• we are not alone,
  • having a sense of humour is a survival skill, and,
  • in the midst of complicated family relationships and challenging situations there is still, always, love.

(Submitted by KS).

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Pass the Masala: vegetarian Indian cooking made simple by Bharti Saincher

Image result for pass the masala book coverIn Pass the Masala, Surrey local Bharti Saincher gives us Indian recipes that she has perfected for decades. She has also included a few favourite recipes from China, Thailand, and Mexico. Unlike traditional Indian cooking, she has made an effort to reduce the amount of butter and/or oil to the minimum needed to make the dish delicious and she embraces using modern kitchen conveniences if it makes cooking more efficient or effective.

I enjoyed this cookbook because Bharti Saincher also educates us on the history of foods in certain regions, different techniques for cooking, and the parts of a traditional Indian meal. She gives quick tips on how to adjust if a dish is too salty/dry/runny/etc. The book includes an in-depth reference guide and very thorough instructions that make Indian cooking less daunting to those of us who may not have cooked Indian dishes. My mouth is watering! (Submitted by Meghan).

Meet Bharti Saincher in person at Authors Among Us: Foodie February at Guildford Library tomorrow, Wed, Feb 15 at 6:30pm. Call 604-598-7366 to save your spot!

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Hillbilly Elegy by J.D. Vance

Image result for hillbilly elegyHillbilly Elegy offers a fascinating look into the lives of white rural Americans. Author J.D. Vance uses his own personal experiences to describe and illuminate current social issues among working-class Americans. It is a quick, engrossing read, especially in light of the current political situation in the United States. I would recommend this book for anyone wanting to get an insight into the lives and hopes and dreams of those who feel so let down by their failure to achieve the “American Dream.” (Submitted by Claire).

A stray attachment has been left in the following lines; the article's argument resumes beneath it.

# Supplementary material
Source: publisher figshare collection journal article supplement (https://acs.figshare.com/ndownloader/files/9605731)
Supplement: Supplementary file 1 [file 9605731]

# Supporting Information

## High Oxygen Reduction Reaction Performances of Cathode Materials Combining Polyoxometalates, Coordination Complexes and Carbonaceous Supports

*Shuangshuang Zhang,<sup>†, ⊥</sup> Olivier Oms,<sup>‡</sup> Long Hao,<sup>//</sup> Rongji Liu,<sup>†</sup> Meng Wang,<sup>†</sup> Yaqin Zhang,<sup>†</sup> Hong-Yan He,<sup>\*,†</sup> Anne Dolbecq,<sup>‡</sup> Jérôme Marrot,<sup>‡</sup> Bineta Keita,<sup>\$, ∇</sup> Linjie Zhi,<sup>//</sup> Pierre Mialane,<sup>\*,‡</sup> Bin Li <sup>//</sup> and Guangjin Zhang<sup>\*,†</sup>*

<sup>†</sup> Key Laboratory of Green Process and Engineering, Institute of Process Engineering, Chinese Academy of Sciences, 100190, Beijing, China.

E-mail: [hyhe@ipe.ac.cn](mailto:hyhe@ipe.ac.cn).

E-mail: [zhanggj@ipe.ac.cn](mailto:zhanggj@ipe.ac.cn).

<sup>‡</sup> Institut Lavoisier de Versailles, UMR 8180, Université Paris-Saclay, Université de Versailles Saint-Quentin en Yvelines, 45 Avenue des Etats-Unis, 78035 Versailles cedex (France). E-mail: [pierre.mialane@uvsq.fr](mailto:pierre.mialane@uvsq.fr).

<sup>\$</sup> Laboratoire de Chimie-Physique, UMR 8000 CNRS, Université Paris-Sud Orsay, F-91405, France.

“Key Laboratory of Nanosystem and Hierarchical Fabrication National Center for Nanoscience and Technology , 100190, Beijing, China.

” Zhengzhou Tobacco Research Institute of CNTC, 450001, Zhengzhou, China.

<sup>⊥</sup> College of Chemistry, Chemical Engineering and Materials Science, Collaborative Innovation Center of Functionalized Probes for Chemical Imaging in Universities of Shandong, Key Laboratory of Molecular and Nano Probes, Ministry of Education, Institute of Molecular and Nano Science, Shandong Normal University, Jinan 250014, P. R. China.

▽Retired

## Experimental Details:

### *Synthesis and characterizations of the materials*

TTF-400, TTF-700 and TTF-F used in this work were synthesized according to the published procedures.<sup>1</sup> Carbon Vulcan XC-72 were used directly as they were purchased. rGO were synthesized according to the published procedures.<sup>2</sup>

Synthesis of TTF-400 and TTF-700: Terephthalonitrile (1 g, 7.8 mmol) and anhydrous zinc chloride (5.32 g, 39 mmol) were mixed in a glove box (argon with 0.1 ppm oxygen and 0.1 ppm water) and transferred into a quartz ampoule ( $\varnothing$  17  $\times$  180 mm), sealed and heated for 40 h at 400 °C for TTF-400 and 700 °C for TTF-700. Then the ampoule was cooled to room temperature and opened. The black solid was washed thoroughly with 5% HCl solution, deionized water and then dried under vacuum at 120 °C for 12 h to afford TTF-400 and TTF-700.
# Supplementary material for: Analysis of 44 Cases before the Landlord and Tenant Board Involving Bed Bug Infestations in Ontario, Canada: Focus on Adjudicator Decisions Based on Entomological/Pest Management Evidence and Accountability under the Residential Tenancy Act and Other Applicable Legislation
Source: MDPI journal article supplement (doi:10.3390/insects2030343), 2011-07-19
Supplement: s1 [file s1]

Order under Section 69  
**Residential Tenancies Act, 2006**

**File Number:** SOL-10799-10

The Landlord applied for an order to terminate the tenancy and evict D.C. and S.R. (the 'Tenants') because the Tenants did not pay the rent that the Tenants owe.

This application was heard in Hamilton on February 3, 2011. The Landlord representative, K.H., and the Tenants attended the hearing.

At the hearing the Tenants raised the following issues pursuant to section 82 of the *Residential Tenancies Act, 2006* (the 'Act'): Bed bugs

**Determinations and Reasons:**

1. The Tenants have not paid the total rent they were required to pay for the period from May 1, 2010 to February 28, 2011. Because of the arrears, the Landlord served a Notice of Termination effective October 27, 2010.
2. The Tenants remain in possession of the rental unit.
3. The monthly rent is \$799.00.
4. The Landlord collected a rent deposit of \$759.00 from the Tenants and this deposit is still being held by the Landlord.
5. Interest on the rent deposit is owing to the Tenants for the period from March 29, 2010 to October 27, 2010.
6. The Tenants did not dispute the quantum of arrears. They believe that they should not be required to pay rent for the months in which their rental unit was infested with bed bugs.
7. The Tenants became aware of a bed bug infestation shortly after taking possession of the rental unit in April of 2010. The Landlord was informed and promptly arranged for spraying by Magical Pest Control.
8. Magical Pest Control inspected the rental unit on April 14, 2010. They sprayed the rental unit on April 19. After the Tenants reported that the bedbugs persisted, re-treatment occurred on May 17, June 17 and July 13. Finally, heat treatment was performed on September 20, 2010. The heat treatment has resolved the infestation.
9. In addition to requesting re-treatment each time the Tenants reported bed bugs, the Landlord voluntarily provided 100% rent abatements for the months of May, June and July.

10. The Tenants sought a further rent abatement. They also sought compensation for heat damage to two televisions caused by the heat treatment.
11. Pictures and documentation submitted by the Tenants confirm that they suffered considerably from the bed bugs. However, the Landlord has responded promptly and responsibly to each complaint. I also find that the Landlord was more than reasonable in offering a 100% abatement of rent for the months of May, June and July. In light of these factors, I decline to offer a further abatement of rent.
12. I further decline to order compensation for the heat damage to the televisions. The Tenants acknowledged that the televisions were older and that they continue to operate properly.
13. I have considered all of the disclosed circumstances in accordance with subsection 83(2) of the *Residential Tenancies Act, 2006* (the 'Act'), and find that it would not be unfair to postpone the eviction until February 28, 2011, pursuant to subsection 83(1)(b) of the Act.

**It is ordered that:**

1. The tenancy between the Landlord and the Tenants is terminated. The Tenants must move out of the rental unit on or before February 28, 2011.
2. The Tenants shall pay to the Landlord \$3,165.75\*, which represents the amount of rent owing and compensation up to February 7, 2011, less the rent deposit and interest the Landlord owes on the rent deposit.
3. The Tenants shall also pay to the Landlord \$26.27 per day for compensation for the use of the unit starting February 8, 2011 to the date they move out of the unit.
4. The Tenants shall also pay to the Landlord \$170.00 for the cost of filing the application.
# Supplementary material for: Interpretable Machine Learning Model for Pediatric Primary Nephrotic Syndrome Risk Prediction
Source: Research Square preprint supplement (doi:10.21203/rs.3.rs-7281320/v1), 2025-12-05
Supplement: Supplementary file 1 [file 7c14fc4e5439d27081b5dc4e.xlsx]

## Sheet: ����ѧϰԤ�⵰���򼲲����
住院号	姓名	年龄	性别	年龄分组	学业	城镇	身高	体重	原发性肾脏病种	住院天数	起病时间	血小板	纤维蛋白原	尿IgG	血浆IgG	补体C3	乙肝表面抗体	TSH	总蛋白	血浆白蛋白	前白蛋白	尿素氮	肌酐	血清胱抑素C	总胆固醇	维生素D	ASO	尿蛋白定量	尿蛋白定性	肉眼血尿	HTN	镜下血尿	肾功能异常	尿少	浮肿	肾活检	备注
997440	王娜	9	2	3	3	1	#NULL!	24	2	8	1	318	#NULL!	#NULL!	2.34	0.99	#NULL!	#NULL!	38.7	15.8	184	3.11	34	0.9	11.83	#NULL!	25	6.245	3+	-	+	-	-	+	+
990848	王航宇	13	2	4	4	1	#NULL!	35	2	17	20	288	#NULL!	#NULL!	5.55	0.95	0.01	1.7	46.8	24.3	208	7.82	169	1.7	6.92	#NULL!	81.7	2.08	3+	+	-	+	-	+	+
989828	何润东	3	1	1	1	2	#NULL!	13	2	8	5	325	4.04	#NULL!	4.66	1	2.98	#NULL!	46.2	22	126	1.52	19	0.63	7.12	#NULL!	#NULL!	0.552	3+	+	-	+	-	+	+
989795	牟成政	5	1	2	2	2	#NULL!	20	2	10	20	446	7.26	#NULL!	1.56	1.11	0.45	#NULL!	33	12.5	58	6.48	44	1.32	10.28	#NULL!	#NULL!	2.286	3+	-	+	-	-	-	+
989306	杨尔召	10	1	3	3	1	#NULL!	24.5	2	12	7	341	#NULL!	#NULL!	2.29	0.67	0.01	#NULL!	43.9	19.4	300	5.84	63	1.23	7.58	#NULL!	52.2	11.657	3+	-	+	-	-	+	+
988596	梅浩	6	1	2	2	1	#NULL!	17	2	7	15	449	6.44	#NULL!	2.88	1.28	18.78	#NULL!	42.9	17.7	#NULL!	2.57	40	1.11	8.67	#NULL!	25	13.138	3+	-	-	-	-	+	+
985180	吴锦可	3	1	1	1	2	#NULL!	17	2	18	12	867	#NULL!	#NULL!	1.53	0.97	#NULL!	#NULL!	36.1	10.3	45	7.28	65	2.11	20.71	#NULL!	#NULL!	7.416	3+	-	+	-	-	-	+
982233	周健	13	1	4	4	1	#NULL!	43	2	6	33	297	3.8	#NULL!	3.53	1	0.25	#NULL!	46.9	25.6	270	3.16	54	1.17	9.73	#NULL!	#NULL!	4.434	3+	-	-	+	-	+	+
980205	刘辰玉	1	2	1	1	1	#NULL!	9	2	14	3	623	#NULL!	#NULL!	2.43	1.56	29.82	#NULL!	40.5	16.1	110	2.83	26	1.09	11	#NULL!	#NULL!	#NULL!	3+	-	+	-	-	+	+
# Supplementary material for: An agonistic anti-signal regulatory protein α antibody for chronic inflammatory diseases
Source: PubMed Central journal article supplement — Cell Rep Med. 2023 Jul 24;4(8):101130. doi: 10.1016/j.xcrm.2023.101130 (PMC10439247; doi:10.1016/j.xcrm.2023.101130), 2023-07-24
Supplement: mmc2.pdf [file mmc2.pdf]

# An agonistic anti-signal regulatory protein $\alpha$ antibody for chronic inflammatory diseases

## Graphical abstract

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Furiously Happy: a funny book about horrible things by Jenny Lawson

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I listened to this book as an audiobook. The subtitle describes the book perfectly – it is both very funny and very sad. Lawson suffers from depression and various other mental and physical issues. The title comes from her deciding to be “furiously happy” and live life to the fullest during the times when she’s able. I found the funny and horrible to be mixed very well–a serious chapter about depression followed by something bizarre about taxidermy raccoons.

Lawson isn’t for everyone; she has a very odd sense of humour and a rather foul mouth and is very frank about depression. But if you enjoy quirky humour and live with depression yourself or in a loved one, this is a great listen. Lawson is a true advocate for mental illness and she provides a very real look at depression – I was particularly interested in her description of how people with mental illness just don’t have the same amount of energy as “normal” people (she calls it the “spoon theory”) and how it is not treated like a disease–sufferers are told to get over it or just be happy while we would never say such things to people with physical ailments.  I laughed a lot and I really admire her philosophy of being furiously happy, I plan to try it myself! (Submitted by Gayle).